First, let's write a Function to mask off all bit positions except one, in effect, returning the value of a single bit.
Although we have some assistance from BASIC, we still have to use multiplication to get the bit we want.
Suppose we have some number - let's use 44.
44 is 101100b

If we call the rightmost, or lowest, bit bit #0, then we can see that
bit 0 is 0
bit 1 is 0
bit 2 is 1
bit 3 is 1
bit 4 is 0
bit 5 is 1

suppose we wanted to get bit 3. If it was a 0, we'd want our function to return 0, and if it's a 1, it should return one.
Getting the bit is easy enough, because of the AND operator. The AND operator is perfect for masking off bits, because esentially all you have to do is set-up a mask in a variable - set the bits you don't want to 0, and the ones you do want to 1.
In this case, our mask would look like (remember, there's extra leading zeros because we're dealing with 16 bit variales):

if we were to AND this with a value or variable, the only possible bit to come out as 1 would be bit 3, because [anything] AND 0 = 0. However, it doesn't have to come out 1 just because bit 3 is one. it will only come out 1 if bit 3 of the mask and bit 3 of the variable or value in question are both 1.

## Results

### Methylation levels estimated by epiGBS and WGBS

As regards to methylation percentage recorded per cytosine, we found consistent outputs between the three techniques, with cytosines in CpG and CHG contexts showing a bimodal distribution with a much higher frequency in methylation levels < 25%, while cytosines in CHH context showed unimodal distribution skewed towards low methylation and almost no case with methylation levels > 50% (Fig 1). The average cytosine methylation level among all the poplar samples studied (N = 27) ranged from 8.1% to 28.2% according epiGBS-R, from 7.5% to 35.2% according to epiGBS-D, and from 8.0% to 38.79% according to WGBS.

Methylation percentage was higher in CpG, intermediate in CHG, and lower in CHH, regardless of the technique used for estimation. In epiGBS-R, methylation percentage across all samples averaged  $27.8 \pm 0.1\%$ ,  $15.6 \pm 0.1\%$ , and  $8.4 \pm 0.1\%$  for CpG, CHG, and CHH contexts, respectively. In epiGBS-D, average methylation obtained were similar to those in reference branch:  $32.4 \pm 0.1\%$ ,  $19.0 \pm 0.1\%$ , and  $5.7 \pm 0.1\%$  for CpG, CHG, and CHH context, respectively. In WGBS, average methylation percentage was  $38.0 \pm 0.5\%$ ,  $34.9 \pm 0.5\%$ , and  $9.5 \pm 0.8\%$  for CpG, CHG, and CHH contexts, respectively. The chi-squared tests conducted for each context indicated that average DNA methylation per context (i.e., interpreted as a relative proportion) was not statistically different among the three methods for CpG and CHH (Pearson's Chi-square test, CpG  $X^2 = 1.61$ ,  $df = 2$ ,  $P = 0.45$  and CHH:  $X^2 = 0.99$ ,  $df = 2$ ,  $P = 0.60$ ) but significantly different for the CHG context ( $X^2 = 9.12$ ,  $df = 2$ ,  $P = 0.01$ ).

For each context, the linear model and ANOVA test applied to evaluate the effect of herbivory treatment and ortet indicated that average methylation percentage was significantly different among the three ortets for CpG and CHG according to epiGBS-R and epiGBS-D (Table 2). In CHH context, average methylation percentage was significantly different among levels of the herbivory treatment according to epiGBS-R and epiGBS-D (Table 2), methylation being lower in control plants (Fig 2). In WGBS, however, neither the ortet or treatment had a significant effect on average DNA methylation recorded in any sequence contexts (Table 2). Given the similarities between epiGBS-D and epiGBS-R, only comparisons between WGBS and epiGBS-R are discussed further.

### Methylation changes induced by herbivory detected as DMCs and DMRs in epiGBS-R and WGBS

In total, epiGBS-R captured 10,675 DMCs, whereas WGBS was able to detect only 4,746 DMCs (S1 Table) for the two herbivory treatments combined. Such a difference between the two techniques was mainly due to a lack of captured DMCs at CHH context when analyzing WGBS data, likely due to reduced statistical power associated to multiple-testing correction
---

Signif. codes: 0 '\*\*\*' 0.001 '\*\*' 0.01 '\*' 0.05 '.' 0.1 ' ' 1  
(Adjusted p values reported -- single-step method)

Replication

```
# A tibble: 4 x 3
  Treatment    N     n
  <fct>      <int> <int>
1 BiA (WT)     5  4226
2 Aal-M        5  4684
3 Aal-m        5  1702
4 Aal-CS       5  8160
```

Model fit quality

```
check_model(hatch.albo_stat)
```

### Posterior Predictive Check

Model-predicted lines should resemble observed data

this is because
1 AND 1 = 1 ----> anything else equals 0

So, use AND to compare the mask to 44:

 44: 0000000000001101 Mask: 0000000000001000 Result: 0000000000001000

now, just shift that to the right 3 times and you have the resulting bit: 1.

Of course, a shift to the right is just the opposite of a shift to the left. If a left shift is multiplication by a power of 2, a right shift (or the reverse) must be division by a power of two. Hopefully this is obvious how to do so I wont go over it.

We saw how to create a mask by hand, but, how do you write a function to return any bit?